…until I relapsed. I was 22 and clean for four-and-a-half years. I was so busy trying to maintain a life that looked good on the outside that I lost touch with my inner self. My girlfriend at the time was also an addict in recovery who relapsed and I soon followed suit, overdosing on heroin. It caused me to resign from my job, and 30 days later, I ended up with a DUI and in jail. When I got out, I refused my family’s help, believing that I could save myself.

Heroin took hold of my life. For two years, my girlfriend and I were running the streets of York doing anything and everything we could to get the next hit and avoid the withdrawals. I wanted to stop, but I couldn’t — my addiction literally dictated my every move. At some points, we were homeless, living in abandoned houses or sleeping on drug dealers’ couches. I was emotionally, mentally, and financially bankrupt. I tried detoxing on my own several times, but nothing lasted. I felt like a shell of a human, and just wanted control over my own life.

In December 2016, I decided to get help. I didn’t walk into Caron‘s treatment center hopeful or “ready” to get clean, but I couldn’t bear the life I was living. I was put on the “Relapse” unit for people who had substantial clean time and then used. I almost left while I was detoxing because it felt unbearable, like the flu but 100 times worse. I told my counselor, “I will never be able to stay clean,” but one month in, I finally began feeling better. I managed to get eight hours of sleep, was able to eat, started going to the gym, and even laughed and joked around with people.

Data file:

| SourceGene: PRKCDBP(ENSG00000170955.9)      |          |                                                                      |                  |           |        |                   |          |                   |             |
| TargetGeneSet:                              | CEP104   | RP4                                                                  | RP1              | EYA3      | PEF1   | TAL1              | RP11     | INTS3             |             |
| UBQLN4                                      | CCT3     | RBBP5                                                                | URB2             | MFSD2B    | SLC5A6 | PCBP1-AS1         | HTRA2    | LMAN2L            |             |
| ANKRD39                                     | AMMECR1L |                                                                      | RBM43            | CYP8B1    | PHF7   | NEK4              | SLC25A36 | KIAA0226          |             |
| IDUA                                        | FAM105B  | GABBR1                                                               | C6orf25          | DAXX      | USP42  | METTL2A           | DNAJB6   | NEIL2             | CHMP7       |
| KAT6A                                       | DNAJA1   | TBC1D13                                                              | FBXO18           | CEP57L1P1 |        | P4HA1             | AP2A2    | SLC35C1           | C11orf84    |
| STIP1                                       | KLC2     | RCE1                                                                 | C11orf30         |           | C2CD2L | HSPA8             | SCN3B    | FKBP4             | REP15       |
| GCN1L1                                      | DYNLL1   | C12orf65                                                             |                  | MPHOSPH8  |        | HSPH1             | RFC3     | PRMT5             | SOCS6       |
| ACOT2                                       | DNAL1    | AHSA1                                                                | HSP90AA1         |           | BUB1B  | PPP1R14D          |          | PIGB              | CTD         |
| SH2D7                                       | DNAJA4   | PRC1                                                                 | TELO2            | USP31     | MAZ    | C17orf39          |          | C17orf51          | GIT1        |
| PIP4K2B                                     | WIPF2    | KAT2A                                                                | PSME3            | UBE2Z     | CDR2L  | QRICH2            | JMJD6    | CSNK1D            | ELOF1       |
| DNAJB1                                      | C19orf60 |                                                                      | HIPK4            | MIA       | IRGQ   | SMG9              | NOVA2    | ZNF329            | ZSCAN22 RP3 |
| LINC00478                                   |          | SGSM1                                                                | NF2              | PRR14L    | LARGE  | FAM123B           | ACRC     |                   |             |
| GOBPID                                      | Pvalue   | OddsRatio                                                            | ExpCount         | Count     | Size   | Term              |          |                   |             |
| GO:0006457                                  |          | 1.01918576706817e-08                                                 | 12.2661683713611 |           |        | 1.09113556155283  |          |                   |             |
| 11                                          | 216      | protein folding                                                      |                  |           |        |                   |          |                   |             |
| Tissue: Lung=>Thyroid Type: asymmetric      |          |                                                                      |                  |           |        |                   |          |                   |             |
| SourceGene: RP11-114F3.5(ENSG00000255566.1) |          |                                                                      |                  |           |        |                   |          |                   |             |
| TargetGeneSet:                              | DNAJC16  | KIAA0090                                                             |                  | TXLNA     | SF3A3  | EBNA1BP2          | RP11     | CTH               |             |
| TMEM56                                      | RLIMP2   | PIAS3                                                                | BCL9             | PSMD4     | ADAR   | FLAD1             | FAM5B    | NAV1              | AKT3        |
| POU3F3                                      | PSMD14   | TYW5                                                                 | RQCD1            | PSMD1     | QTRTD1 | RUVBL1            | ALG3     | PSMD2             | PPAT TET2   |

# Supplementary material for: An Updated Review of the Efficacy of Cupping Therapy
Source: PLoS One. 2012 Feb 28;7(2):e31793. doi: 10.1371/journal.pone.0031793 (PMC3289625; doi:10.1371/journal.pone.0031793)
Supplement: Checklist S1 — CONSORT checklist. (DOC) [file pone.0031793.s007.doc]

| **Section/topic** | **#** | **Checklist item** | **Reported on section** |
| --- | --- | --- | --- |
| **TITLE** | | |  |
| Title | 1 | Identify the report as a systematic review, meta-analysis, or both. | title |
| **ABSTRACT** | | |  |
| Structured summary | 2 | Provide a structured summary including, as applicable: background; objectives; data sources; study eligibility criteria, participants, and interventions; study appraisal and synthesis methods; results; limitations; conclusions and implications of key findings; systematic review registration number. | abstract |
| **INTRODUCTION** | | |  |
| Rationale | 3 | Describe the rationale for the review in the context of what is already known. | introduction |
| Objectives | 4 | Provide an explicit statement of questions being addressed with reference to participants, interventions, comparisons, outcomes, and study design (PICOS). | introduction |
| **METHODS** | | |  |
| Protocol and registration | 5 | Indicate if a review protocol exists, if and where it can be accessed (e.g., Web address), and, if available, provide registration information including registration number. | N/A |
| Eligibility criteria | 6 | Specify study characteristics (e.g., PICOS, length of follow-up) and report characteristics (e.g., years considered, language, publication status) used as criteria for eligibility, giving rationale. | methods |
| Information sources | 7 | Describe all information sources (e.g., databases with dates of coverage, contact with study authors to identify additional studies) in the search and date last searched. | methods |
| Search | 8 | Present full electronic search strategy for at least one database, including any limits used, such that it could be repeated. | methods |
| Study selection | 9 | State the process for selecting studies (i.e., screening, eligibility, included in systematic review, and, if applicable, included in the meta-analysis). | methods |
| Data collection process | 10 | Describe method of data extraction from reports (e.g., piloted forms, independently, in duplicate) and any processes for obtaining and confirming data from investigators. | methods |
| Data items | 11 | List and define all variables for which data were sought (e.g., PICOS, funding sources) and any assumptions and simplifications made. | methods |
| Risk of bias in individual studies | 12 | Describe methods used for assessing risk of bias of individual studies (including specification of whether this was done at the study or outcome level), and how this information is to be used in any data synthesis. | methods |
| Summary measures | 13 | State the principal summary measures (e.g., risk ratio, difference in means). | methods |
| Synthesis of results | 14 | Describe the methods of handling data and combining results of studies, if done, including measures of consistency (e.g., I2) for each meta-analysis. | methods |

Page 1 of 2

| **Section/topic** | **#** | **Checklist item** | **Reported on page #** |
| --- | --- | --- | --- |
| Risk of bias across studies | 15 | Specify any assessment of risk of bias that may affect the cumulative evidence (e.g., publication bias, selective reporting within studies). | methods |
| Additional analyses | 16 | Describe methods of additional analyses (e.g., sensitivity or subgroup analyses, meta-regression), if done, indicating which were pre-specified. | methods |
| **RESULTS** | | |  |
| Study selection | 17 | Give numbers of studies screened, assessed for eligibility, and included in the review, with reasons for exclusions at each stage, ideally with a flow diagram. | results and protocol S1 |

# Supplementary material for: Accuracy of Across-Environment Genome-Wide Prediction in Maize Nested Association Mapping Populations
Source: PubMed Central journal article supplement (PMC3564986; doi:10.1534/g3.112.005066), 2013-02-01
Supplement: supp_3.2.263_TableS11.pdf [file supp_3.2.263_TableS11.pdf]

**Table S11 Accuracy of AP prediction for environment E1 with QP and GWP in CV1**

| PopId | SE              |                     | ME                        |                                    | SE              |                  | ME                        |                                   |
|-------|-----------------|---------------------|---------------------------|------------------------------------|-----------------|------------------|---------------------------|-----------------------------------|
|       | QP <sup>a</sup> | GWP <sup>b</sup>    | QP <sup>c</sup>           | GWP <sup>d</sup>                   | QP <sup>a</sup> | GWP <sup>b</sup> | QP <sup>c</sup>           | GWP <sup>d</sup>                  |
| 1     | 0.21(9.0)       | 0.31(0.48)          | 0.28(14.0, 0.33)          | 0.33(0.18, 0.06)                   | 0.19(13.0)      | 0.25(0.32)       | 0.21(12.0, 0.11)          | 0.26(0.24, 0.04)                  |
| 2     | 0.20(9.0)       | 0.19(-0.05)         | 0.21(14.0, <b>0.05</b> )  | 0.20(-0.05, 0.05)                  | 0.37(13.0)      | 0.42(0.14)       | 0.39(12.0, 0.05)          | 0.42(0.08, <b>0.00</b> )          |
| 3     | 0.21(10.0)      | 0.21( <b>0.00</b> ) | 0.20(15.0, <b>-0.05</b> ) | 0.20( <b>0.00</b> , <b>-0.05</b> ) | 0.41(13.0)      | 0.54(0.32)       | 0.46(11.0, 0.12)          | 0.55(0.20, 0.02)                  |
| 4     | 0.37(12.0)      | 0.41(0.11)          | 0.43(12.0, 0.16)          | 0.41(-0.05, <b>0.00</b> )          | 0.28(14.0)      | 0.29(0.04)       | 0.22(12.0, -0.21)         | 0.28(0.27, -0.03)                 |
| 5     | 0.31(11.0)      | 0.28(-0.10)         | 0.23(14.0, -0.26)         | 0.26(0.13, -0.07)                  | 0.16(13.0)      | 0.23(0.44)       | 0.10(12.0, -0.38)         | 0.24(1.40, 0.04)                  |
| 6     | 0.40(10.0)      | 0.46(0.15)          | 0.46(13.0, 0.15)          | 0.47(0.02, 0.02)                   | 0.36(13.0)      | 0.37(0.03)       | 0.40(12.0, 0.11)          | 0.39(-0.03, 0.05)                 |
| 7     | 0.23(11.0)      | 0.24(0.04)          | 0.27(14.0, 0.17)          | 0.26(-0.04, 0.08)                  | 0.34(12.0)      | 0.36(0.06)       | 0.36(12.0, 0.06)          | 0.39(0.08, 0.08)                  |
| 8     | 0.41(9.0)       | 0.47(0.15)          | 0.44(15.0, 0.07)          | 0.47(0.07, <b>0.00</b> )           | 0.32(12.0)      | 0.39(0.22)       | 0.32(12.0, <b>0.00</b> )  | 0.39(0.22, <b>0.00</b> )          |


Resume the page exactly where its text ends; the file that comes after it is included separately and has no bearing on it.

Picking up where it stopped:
After 120 days in rehab, I committed to staying clean. My family came back into my life and the last thing I wanted to do was put them through more pain. In March 2017, I moved to West Philly, got my license back and my record expunged, and was finally felt like a productive member of society again. I stepped into the Philly fitness community, networking and collaborating with other fit pros, which is how I eventually landed my jobs at City Fitness and Fitler Club.

 

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Recovery is an ongoing process. Addiction is a disease that literally rewires your brain. In these three years clean, I’ve encountered personal challenges, fitness-related injuries, and loss of friends to overdoses. It hasn’t been all rainbows and butterflies — I always have to stay vigilant in my recovery. Working out and training help strengthen my body and my mind, and give me the opportunity to help others do the same. When it comes down to it, connection, focus, and self-investment help keep me clean.

For me, fitness and recovery are very similar. Everybody comes from a different lifestyle and upbringing, and with various baggage or struggles. We all have a common goal, though: we want to get better in some way. Fitness has the capacity to be whatever it needs to be for you, and it has done SO much for me. My “why” continues to change, to grow, to evolve, but I know I am only able to strive for more, learn more, do better, and be better with effort, positive energy, and support from the people I surround myself with.